You are heading towards choosing a different way to live. This will at times feel difficult as you will not be working with the same indicators of success.

Good luck!



 
Title: Re: How do you handle peer success when you're looking to FIRE?
Post by: Imustacheyouaquestion on November 29, 2017, 02:38:29 PM
It's just work. It's cool to be well-recognized in your field and successful at your job. After all, if you spend 40+ hours a week on something, you might as well have people recognize your efforts. But it's just work.

At the end of the day, I want to be successful in all the other aspects of my life, too: health, relationships with friends and family, side projects. I started caring a lot less about promotions and climbing the career ladder when I realized work was just a means to early retirement for me, and I'm basically uninterested in long term career goals because I don't plan to have a long career.
Title: Re: How do you handle peer success when you're looking to FIRE?
Post by: Laura33 on November 30, 2017, 08:36:26 AM
If someone else's life is bugging you, it's time to take a deep hard look at your own and figure out why. It's not about coping with *their* success, it's about figuring out why your own successes aren't making you feel satisfied.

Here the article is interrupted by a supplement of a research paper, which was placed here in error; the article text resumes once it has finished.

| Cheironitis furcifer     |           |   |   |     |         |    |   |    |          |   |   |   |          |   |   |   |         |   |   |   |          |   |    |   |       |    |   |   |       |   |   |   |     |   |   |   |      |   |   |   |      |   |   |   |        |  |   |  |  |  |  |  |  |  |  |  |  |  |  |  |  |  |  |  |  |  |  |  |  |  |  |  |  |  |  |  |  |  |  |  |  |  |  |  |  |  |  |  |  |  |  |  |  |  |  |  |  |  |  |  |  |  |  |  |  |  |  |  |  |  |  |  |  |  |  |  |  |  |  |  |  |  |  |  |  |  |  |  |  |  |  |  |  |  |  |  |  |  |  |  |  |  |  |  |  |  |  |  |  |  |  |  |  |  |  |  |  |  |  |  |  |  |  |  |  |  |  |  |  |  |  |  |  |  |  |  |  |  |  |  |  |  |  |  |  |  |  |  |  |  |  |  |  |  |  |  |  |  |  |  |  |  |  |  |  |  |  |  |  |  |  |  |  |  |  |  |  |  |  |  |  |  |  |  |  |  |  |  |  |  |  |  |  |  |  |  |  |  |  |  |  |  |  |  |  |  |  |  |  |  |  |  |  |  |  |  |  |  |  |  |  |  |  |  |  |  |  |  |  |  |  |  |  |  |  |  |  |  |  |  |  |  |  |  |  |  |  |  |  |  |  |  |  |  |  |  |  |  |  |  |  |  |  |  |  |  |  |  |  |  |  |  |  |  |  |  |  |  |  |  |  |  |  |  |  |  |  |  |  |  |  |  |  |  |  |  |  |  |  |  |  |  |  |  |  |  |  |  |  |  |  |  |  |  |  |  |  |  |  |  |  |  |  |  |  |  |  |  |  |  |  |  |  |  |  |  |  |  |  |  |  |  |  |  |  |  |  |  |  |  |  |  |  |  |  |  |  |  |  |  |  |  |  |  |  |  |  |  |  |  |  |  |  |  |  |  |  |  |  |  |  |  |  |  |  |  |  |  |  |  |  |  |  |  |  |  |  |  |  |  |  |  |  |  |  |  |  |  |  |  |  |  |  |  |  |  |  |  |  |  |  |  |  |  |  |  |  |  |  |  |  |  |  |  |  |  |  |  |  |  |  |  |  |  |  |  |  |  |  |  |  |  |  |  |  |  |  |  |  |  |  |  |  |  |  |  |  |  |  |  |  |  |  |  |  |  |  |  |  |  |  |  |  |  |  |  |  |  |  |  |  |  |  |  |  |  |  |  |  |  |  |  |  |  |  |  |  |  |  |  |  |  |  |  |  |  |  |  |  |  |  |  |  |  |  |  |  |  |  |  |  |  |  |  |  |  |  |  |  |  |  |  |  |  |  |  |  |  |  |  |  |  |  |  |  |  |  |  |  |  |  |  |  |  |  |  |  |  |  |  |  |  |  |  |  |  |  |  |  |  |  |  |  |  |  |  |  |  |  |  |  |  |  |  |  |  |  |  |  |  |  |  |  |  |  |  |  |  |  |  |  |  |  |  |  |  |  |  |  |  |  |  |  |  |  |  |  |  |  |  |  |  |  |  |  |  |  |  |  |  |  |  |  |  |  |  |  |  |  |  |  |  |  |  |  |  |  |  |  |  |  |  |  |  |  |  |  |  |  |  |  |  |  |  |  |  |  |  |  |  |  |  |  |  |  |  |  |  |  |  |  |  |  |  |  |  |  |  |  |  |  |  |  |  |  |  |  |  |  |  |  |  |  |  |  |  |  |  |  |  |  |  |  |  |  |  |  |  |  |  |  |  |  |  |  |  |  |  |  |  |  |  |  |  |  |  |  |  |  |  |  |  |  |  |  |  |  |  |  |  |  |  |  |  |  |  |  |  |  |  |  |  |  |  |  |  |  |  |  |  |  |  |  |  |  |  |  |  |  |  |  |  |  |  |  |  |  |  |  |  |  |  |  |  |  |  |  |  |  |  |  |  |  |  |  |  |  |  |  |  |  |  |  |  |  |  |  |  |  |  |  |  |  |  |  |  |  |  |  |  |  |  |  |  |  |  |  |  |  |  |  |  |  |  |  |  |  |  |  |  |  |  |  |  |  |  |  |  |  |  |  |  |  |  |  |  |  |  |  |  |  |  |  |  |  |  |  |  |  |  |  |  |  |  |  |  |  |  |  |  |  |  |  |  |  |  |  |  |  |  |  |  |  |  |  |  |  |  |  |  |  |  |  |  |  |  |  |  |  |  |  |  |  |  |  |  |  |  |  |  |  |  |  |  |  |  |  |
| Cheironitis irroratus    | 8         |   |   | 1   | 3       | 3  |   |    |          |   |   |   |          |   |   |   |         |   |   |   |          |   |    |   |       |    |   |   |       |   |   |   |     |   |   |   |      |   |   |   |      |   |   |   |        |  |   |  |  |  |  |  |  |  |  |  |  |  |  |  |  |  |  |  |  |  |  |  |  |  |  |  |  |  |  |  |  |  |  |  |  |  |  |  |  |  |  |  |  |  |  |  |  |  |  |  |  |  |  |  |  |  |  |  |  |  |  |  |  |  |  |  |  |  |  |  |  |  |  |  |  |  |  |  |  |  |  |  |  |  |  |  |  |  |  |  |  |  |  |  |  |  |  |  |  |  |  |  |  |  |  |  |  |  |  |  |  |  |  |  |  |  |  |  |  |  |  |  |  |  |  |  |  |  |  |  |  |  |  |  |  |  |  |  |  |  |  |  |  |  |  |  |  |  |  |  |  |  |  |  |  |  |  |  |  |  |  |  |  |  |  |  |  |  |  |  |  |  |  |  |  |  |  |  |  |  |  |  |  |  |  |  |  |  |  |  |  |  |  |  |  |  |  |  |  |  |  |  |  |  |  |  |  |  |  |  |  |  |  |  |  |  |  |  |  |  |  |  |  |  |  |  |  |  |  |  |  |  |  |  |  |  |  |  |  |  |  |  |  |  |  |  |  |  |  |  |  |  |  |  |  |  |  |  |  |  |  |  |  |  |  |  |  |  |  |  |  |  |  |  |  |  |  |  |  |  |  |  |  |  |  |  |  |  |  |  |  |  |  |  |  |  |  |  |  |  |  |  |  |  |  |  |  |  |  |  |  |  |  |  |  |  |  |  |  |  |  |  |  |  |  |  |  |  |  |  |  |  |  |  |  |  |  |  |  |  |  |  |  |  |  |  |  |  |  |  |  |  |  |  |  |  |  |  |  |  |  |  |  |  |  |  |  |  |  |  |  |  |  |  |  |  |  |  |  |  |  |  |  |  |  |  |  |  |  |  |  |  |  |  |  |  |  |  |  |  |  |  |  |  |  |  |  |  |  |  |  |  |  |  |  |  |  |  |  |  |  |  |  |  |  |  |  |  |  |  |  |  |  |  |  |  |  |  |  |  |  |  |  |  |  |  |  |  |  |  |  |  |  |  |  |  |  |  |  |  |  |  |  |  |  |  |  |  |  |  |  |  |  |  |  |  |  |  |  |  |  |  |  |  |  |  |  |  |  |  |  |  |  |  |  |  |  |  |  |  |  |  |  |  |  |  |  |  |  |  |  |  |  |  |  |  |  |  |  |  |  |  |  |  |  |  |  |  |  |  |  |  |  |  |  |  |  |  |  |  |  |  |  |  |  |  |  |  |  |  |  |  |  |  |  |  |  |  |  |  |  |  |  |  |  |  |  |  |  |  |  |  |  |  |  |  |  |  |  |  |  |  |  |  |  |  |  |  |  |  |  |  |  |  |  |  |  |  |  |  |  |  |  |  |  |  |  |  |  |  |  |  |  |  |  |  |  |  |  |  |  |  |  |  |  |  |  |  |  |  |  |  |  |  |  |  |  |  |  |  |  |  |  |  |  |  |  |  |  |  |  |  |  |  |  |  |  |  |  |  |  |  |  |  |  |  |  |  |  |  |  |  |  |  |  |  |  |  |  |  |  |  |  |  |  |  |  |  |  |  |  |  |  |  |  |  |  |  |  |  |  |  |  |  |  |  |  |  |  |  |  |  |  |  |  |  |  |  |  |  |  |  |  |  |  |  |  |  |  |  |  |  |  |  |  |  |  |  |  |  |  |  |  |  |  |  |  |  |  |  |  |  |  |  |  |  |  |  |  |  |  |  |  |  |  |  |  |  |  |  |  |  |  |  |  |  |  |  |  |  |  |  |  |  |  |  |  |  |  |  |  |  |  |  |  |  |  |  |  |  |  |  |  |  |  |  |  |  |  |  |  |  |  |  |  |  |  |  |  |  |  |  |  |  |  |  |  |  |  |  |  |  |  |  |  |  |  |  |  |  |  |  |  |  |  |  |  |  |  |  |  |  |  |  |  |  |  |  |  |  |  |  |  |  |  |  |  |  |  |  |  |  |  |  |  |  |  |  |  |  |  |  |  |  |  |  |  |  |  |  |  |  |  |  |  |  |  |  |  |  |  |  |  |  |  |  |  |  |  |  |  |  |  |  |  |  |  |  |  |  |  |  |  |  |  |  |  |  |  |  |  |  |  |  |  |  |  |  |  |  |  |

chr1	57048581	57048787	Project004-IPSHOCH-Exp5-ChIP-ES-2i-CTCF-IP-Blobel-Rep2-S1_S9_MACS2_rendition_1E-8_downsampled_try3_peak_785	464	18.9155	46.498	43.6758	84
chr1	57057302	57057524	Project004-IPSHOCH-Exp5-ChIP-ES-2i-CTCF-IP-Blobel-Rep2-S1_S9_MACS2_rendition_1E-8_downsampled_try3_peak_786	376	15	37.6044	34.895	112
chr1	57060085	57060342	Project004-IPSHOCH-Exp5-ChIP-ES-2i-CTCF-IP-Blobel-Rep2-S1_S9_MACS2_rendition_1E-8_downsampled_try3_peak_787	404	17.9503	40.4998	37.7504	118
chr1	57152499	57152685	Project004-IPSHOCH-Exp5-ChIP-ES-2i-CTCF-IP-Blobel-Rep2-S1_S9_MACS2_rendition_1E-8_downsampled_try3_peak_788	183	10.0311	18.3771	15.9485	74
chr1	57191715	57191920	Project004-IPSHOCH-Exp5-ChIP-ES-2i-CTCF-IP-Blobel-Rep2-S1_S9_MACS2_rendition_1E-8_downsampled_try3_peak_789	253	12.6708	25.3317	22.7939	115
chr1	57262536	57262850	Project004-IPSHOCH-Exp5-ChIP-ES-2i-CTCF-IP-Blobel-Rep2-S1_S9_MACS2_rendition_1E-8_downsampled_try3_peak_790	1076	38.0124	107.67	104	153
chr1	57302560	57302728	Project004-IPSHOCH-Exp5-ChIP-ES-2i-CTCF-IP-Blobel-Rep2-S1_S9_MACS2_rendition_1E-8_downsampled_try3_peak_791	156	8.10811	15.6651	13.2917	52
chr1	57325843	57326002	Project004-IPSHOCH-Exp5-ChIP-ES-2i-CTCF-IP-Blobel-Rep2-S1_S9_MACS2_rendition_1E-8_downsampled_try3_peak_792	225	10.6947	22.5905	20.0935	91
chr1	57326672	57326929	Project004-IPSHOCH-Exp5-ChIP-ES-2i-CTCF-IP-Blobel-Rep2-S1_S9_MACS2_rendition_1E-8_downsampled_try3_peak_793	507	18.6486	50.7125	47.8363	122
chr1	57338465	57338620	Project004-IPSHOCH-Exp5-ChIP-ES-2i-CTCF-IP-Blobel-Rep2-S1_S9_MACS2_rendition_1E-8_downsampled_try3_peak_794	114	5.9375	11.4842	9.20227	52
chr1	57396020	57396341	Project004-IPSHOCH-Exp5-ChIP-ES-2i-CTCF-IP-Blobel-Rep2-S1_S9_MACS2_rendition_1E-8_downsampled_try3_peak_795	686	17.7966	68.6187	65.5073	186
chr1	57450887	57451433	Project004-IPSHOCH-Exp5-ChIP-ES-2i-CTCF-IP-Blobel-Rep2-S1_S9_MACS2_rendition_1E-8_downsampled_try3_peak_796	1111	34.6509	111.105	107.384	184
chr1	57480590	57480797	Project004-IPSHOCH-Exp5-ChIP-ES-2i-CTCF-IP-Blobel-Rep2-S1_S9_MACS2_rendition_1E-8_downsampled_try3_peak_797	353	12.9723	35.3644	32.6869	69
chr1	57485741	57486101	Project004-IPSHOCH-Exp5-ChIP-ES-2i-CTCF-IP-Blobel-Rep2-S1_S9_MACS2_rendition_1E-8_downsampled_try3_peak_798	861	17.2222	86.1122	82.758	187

I do want to hone in on this one post comment though because if it was this easy, then I could likely find truth there.

First, no one ever said it was easy.  It's just necessary.  If you do it right, it will be some of the hardest work you have ever done, but it will put you in a better place.

What you are feeling is completely normal.  You are at a time in life where you probably have more work years behind you than ahead of you, where you are experiencing your own version of the Peter Principle, and where it is completely natural to reevaluate your career goals and expectations.  You also are about at the point where you may have more life behind you than ahead of you, which makes it completely natural to reevaluate what you really want and value out of life and whether you are on the right track to get there.